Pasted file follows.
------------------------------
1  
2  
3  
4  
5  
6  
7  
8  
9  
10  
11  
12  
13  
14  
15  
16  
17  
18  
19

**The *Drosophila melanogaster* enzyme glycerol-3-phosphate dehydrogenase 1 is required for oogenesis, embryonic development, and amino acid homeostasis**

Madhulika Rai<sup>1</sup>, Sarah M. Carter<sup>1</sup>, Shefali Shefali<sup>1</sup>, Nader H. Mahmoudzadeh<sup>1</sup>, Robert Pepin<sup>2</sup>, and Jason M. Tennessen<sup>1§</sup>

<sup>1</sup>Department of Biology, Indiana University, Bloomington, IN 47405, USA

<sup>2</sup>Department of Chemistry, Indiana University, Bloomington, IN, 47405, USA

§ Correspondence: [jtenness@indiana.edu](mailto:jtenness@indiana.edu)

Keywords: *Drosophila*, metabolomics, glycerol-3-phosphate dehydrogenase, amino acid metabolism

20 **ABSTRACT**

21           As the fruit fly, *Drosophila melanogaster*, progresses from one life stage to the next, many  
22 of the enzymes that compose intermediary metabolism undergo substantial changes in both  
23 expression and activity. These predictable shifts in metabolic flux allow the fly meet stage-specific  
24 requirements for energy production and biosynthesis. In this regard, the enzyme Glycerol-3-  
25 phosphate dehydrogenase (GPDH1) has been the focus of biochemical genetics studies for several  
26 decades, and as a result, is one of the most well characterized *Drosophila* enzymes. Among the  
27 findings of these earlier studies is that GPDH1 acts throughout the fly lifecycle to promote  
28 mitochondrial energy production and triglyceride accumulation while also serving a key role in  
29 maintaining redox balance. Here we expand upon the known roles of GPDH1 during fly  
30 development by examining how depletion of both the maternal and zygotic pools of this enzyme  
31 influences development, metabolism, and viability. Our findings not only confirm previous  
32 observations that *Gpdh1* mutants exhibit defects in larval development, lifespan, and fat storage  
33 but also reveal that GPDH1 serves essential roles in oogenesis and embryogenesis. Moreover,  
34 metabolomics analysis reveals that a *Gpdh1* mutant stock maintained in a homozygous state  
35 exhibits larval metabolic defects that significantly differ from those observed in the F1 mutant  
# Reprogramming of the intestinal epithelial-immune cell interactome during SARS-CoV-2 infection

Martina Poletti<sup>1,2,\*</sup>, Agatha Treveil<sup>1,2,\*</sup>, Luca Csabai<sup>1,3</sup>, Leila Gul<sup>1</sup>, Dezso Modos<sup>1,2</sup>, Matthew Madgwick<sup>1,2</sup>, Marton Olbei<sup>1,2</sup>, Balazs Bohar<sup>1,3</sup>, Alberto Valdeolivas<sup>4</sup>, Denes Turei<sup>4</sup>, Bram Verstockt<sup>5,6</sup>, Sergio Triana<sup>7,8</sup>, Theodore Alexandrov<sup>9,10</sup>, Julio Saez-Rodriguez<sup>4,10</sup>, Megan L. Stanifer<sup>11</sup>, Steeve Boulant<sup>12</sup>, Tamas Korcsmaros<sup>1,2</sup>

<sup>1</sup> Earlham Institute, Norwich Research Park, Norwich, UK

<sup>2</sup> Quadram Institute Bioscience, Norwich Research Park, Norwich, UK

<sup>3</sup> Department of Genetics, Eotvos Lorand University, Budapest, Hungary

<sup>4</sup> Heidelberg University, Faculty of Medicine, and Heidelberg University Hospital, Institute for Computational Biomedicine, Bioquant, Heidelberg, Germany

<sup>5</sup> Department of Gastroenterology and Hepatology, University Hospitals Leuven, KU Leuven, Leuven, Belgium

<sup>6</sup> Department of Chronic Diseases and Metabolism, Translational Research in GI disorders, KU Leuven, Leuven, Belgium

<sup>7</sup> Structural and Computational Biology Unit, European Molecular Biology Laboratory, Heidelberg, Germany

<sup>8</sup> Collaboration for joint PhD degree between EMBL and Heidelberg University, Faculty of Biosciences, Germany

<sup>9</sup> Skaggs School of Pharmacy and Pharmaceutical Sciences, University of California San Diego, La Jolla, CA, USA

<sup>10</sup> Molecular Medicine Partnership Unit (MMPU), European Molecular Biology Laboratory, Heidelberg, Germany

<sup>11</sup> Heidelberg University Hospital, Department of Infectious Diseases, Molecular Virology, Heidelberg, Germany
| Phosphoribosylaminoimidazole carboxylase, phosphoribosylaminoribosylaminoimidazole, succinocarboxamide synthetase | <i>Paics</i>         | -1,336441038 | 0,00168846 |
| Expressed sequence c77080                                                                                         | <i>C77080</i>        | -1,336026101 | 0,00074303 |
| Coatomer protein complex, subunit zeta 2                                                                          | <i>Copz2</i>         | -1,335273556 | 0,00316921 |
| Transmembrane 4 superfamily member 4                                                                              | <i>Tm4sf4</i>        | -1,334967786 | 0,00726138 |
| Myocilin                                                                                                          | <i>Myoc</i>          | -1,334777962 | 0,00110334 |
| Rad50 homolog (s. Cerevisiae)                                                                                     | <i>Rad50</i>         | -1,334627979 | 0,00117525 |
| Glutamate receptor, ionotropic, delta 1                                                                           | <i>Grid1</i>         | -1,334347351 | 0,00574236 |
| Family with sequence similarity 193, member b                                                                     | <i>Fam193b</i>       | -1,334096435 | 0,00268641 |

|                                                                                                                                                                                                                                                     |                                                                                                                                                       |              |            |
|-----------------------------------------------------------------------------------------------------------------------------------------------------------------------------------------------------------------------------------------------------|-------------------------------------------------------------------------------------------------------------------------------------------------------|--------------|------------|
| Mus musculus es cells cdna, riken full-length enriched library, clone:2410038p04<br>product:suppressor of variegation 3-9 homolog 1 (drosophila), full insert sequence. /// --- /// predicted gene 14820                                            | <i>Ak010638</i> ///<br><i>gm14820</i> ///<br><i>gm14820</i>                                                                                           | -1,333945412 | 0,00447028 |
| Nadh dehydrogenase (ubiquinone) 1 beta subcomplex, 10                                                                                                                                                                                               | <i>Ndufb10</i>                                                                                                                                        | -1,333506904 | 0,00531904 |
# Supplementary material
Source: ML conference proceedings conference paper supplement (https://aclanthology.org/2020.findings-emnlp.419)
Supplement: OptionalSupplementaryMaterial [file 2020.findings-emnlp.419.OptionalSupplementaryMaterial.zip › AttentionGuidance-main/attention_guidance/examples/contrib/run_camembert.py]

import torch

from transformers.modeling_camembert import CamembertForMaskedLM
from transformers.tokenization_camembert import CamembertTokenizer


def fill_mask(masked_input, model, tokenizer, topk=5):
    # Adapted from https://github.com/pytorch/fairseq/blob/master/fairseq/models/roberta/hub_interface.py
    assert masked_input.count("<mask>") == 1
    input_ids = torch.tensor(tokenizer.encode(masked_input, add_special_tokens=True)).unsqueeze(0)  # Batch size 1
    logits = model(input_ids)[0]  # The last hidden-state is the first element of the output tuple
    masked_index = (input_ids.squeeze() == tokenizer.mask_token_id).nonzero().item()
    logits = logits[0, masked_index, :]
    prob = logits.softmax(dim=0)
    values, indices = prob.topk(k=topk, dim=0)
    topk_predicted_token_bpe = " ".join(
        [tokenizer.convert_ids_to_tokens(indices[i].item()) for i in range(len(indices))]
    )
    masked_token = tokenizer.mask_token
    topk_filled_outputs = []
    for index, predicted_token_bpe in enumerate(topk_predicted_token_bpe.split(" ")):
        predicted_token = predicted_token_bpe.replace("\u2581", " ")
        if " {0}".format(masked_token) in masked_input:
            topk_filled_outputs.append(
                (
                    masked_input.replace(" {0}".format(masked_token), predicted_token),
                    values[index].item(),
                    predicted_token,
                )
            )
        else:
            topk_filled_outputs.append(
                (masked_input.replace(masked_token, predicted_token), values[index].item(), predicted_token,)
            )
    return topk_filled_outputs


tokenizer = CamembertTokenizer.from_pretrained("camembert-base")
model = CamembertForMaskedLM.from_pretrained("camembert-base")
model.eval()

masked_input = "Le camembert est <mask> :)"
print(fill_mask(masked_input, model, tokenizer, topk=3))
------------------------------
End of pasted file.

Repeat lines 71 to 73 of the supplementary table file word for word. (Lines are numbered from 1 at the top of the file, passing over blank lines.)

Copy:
from transformers.modeling_camembert import CamembertForMaskedLM
from transformers.tokenization_camembert import CamembertTokenizer


def fill_mask(masked_input, model, tokenizer, topk=5):